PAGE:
figuration

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Words related to figuration

representing figuratively as by emblem or allegory

decorating with a design

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As against common language use, with its wealth of cliches and idioms, and the so-called "literary language" characterized by a heightened figuration and denser rhetoric, Beckett's texts decreate literary works that redefine the act of reading; they constitute events by virtue of linguistic surfaces that work as blanks, writings without style, (2) forever striving towards pure denotation, the perfected present of writing.
In the first movement of the Janacek Sonata we might, however take issue with what is in places too grand and "romanticising" a use of pedal, which sometimes deprives the conclusions of some melodic-chord figurations of their typically "Janacekian" terseness and impact.
96 The complete vocabulary of abstraction had always been present in ornament, where love of the wayward figurations of stone and wood complements exploration of the strict geometries of honeycomb and crystal.
Some Christian feminist theologians, finding orthodox figurations of Jesus' significance irredeemably harmful to women, determine that Christianity itself is irredeemable for women; others seek to reinterpret this figure in order to uncover his "real message" hidden underneath the accretions of patriarchal misunderstanding and misuse.
Chopin might have had 3 2 1 floating around in his mind (perhaps subconsciously) and then devised melodic figurations that would express that basic progression in a beautiful and particular way.
In these five songs of ultimate heartbreak, based on poems by Friedrich Ruckert, Mahler traces the feelings of bereaved parents in his characteristic fashion - with lush strings evocatively set against brasses braying folklike figurations, eerie percussion interludes and haunting woodwind motifs.
The mechanisms that produce these symbolic figurations are not examined in any detail, so that the highly intricate relationship between Petrarchan discourse and Elizabethan court politics, for instance, is shrunk to a bald statement: the "Petrarchist" model was the "predominant structure" in which "courtly self-fashioning" could take place (39-40).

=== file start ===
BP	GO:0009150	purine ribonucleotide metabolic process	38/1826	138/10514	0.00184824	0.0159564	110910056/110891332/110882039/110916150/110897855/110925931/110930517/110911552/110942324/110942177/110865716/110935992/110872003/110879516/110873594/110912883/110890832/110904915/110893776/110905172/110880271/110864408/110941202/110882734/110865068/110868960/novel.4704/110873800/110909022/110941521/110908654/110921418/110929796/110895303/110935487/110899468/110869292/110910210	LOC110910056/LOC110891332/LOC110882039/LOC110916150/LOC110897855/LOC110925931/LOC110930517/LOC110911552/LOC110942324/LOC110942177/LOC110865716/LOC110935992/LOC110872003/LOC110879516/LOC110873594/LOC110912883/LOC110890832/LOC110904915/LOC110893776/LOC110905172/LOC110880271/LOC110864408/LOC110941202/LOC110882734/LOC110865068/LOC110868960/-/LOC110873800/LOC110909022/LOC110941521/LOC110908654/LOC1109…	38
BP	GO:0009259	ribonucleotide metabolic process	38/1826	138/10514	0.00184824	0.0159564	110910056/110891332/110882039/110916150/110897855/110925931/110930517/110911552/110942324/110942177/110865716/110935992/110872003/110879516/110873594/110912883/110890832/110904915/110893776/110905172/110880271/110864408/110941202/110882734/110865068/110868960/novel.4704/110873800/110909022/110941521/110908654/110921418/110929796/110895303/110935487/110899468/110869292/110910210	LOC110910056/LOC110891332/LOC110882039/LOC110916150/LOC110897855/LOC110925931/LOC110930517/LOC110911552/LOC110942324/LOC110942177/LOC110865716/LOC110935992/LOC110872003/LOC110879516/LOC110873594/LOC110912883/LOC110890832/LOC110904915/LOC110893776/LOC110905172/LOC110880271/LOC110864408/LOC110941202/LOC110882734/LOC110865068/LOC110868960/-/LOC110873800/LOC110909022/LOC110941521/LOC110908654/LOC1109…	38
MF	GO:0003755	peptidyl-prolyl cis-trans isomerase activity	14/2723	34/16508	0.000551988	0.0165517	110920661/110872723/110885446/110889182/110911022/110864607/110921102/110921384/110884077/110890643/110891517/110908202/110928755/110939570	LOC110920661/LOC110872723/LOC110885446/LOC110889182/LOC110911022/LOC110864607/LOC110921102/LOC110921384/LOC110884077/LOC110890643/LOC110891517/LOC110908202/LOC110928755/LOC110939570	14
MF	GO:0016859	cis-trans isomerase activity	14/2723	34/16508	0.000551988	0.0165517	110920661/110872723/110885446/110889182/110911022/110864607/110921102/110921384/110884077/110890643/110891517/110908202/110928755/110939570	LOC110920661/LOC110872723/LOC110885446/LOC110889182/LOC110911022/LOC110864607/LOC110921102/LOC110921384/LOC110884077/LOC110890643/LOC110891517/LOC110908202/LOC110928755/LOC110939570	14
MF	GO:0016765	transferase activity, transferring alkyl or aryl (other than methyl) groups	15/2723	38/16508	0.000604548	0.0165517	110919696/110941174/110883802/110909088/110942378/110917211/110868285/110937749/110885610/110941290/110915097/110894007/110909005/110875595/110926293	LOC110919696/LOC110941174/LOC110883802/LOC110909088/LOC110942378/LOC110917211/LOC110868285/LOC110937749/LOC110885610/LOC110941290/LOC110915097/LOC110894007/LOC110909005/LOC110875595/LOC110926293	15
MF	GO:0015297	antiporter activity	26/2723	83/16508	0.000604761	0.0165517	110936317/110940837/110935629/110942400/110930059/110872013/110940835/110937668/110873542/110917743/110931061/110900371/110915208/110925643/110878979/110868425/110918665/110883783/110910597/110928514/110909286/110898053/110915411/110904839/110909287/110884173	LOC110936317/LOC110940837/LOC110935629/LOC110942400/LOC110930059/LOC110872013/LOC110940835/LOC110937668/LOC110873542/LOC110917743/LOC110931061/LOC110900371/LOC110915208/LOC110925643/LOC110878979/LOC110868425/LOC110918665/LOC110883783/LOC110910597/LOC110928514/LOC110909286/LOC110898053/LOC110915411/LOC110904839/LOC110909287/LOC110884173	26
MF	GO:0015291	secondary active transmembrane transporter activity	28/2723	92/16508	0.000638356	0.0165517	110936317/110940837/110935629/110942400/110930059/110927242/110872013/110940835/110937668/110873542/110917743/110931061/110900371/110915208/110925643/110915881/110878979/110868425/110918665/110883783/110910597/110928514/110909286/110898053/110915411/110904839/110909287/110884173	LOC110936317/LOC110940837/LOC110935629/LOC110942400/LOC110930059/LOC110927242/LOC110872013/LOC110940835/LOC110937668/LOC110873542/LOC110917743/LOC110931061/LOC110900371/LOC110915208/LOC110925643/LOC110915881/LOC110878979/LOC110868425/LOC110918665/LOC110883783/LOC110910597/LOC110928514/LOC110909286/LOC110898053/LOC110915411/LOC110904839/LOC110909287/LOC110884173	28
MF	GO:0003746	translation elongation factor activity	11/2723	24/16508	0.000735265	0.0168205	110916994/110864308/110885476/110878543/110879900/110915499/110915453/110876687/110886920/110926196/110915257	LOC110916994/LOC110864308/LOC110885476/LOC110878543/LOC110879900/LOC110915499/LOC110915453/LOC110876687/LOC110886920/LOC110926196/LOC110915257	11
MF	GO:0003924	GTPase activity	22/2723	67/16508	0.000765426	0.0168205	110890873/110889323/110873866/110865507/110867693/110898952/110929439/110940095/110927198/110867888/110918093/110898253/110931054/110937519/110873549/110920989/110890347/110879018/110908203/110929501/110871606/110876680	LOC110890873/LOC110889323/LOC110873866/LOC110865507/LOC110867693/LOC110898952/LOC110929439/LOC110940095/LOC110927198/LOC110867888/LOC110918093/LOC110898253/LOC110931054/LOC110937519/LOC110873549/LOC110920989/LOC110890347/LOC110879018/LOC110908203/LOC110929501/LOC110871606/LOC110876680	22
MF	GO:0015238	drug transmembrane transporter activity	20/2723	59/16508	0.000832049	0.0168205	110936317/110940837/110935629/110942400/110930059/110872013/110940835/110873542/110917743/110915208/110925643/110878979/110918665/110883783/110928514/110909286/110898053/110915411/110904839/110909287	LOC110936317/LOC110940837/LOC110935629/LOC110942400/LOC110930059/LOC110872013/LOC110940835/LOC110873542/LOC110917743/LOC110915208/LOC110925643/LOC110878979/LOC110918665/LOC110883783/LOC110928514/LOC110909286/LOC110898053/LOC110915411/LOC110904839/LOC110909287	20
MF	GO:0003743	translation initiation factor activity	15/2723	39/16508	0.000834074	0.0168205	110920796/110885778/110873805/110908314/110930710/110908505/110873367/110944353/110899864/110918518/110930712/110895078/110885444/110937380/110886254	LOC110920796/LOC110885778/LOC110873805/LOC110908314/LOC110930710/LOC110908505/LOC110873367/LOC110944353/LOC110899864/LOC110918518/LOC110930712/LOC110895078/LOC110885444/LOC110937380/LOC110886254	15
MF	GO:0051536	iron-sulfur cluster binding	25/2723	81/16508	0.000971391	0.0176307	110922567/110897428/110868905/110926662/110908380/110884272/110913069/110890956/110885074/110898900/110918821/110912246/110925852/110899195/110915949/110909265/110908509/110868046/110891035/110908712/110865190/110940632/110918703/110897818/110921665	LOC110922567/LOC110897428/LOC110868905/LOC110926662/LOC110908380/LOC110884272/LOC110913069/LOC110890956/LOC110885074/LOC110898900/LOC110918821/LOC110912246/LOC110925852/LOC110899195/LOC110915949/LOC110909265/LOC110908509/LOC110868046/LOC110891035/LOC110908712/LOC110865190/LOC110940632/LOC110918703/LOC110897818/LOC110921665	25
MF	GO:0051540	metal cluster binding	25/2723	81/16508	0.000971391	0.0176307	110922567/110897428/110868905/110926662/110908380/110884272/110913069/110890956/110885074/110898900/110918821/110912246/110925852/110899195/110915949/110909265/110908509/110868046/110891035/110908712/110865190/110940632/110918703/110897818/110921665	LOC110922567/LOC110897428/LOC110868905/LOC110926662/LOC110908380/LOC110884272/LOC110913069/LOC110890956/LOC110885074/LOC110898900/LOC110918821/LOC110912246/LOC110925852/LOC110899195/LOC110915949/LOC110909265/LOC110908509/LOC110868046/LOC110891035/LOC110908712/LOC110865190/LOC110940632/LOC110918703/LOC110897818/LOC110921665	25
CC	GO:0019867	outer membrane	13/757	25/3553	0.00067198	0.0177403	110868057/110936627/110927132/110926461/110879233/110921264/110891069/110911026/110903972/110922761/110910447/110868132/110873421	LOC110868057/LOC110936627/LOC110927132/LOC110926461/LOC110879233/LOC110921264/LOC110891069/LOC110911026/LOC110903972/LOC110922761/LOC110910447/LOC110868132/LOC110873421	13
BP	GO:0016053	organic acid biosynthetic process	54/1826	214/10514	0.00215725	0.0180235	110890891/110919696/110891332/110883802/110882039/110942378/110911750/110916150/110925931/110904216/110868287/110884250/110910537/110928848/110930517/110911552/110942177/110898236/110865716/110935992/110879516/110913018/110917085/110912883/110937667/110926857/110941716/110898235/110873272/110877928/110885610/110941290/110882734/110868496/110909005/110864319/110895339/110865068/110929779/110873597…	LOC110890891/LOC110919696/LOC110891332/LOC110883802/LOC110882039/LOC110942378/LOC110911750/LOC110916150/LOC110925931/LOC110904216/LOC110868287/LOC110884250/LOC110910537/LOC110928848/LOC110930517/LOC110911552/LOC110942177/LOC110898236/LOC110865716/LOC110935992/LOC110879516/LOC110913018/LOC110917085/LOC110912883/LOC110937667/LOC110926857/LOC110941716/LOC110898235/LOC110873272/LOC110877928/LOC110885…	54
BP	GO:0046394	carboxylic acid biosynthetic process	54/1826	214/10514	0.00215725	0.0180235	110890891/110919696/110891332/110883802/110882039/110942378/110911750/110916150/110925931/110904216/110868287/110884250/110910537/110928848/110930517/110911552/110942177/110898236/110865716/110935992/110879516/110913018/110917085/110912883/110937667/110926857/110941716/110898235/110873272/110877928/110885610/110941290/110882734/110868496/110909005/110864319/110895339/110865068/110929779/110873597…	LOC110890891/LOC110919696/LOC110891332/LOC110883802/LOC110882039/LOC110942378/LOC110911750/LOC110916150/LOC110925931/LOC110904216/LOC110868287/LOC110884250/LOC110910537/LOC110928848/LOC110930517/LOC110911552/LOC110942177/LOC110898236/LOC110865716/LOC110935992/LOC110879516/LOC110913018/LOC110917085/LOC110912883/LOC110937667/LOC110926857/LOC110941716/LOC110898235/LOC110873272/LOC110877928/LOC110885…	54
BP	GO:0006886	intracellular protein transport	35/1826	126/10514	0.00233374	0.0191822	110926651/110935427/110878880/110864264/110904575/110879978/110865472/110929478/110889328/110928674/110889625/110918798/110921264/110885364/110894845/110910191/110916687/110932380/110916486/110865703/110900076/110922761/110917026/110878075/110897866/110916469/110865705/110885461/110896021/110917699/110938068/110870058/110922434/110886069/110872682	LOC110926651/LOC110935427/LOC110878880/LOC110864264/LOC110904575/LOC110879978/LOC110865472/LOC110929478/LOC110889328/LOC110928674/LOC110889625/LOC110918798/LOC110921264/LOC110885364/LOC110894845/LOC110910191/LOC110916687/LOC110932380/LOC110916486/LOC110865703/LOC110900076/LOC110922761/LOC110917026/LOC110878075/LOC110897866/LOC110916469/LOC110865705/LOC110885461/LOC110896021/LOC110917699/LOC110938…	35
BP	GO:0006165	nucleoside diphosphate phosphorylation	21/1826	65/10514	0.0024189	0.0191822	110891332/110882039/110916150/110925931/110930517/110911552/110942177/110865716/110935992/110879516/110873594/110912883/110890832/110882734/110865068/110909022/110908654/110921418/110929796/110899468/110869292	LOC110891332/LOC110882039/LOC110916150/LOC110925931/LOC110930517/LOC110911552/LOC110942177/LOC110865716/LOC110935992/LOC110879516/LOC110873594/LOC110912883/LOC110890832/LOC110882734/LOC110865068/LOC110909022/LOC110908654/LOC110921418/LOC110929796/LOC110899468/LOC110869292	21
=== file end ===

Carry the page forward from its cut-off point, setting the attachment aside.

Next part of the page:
It doesn't take more than passing familiarity with Russian music to realize that the piece - full of high-pitched, playful woodwind figurations and fleet string ostinatos - sounds like the work of Sergei Prokofiev, the composer's great rival.
By contrast, "Dreaming," from her Opus 15 Sketches, is a work reminiscent of Liszt's "Liebestraume" with its lush harmonies and murmuring accompanimental figurations.
Summarizing well-known texts thoroughly analyzed by previous scholars, Sperling argues that two figurations of Venice were in vigorous competition during the sixteenth century: an intact female body recalling the Virgin Mary versus "the sensual, inviting body of Venus" (83).
In the two Adagios, he etched Shostakovich's neat figurations grippingly.
Figurations of sodomitical royal patronage -- in literary fictions and libels -- reflect this concern.
The symphony's nickname comes from tick-tock figurations in the second movement, which Kahane made obvious but not overbearing.
Yet the fabric of Donne's sermons is certainly woven from the very tropes and figurations which he uses; their import and effect in offering redemption to the two women who are being churched (as well as to the congregation at large) cannot be obviated or ignored, even in -- perhaps most necessarily in -- a discussion of the historical and cultural interplay between text and context.
Readers will recognize part two of the study as a recasting of Montrose's 1983 article, "Shaping Fantasies: Figurations of Gender and Power in Elizabethan Culture.